TUO knives may have come out of China, but they’re not the Chinese crap knives I always complain about.
They have already spent some years in the market, and they show no sign of slowing down.
In this TUO knife review, I look at everything from the build material to quality assurance, versatility, and value for money.
At the end of this piece, you’ll already know whether the knife is worth spending on or better off checking other knife reviews.
Table of Contents
General Overview of The TUO Knives
Before you get into the review, I wanted to give you a TL; DR breakdown of the knife brand as discussed in this review.
|7 (Ring/ Ring Lite; Legacy/ New Legacy; Falcon/ Falcon-S, Black Hawk/ Black Hawk-S, etc.)
|Japanese AUS-8 steel; Japanese AUS-10 steel; German 1.4116 steel.
|Pakkawood; Military-grade G-10;
Where Are TUO Knives Made?
The TUO company isn’t shy about its heritage and gladly posts that its knives are made in China.
TUO set up a manufacturing shop in the Yangjiang province of China. This is the area where more than ¾ of the world’s knives are made, similar to the Seki City in Japan in terms of quality.
While poor brands also come out of Yangjiang, it’s rarer to find them here than if the knives were made in other areas of China.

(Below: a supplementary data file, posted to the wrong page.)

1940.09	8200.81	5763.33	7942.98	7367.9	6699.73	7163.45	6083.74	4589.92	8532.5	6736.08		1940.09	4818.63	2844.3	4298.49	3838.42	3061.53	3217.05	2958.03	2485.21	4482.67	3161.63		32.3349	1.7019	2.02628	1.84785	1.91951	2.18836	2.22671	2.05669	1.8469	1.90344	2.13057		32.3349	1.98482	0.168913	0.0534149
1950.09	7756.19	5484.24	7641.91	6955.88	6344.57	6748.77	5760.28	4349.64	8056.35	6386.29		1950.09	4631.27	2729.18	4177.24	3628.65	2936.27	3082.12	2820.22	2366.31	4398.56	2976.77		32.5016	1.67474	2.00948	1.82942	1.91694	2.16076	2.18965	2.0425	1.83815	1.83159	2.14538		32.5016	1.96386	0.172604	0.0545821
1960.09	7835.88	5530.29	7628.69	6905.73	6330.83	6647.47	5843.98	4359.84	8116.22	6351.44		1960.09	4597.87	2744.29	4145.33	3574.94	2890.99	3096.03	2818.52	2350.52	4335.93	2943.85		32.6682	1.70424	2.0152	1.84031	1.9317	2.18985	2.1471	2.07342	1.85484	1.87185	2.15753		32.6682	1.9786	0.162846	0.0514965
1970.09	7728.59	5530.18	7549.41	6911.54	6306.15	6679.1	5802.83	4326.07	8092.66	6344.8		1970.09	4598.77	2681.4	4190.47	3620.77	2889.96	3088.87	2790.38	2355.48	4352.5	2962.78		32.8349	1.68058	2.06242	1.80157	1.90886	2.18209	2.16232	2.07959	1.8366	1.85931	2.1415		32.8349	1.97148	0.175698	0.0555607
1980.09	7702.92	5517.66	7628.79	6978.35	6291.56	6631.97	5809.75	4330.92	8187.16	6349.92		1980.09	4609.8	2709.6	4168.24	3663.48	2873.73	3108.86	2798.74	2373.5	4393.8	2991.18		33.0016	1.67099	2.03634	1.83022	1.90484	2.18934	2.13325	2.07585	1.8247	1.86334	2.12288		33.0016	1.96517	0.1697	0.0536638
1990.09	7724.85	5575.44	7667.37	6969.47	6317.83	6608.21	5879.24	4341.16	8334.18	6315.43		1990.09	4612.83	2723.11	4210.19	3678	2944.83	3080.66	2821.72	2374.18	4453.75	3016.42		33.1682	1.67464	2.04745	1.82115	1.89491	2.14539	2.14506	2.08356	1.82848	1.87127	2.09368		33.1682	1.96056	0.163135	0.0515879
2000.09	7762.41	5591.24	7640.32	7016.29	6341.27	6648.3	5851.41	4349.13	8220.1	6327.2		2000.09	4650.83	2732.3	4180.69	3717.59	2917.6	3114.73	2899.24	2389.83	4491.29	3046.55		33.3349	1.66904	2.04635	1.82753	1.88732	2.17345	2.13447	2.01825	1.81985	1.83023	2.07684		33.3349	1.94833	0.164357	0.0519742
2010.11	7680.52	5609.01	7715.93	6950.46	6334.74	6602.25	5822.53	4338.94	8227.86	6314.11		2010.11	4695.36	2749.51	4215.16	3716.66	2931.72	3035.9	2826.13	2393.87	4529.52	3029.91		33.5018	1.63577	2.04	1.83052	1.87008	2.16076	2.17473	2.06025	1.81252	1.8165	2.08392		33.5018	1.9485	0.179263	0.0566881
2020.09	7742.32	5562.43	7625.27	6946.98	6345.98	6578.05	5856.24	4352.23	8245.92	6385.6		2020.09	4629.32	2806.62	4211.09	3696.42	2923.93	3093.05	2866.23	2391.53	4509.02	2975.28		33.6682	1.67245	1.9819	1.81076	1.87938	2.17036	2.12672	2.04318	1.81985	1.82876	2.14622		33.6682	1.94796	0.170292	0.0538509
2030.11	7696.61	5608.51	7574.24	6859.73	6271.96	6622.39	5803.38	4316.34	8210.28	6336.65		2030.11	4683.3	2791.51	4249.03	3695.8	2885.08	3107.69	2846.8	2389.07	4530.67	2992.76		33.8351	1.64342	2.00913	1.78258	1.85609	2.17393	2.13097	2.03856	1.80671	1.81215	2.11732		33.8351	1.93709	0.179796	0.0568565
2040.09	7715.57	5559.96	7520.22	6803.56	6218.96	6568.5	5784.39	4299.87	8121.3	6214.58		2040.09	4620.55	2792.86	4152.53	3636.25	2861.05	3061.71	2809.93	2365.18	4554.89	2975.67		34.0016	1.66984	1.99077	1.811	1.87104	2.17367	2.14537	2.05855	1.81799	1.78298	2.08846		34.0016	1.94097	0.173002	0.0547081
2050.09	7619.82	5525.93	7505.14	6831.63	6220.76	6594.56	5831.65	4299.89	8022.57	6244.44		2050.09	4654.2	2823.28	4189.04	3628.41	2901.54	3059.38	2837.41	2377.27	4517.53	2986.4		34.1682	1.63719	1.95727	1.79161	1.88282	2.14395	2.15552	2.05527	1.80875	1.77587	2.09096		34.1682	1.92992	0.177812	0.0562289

TUO being forthcoming about where they are instead of trying to throw us off with some tactics already scores them some good points in my book.
What Knives Do TUO Carry?
There are seven (7) main knife series from TUO, with some enjoying better popularity than others. TUO also created spinoffs from their main series, all of which I have reviewed in this piece.
TUO Ring Series
Not to be confused with the Ring Lite series (discussed below), the Ring series from TUO is one of the signature models that established their place in the market.
The TUO series combines functionality and aesthetics, choosing to go with the Damascus pattern over Japanese AUS-10 core steel. Under the AUS steel category, this AUS-10 is currently the best rated.
The core steel is a relatively high carbon stainless steel that still handles corrosion and wear very well. It’s hard enough not to be flimsy but not too hard that it breaks under pressure.
I also love the pattern that the steel brings out of the box and the relative lightweight of the material to boot. Finished with an ergonomic G-10 handle, you easily find your way around the kitchen with this one.
Knives in the series: 8’ Chef Knife; 6.5’ Nakiri Knife; 3.5’ Paring Knife
TUO Ring Lite Series
The TUO Ring Lite series focuses on the strengths of the Ring series above, choosing to double down on the things that work at a lesser price.
This results in a knife set with Japanese AUS-8 core steel, handled with Pakkawood and designed with excellent cutting control.
As the name implies, this Lite series is an attempt from TUO to allow more users into the promise of what their Ring series offers but at a lesser price. You don’t get the Damascus steel pattern here, but the bare blade is enough to handle most of your kitchen needs anyway.
Fortunately, TUO went all out on this one to offer more types of knives in the series.
Knives in The Series: 8” Gyuto Chef Knife; 9” Serrated Bread Knife; 5.5”/ 7” Santoku Knife; 6.5” Nakiri Knife; 3.5” Paring Knife; 9” Slicer Knife; 8.5” Kiritsuke Knife; 2.5” Paring Knife; 6” Boning Knife; 9.5” Chef Knife.
TUO Legacy Series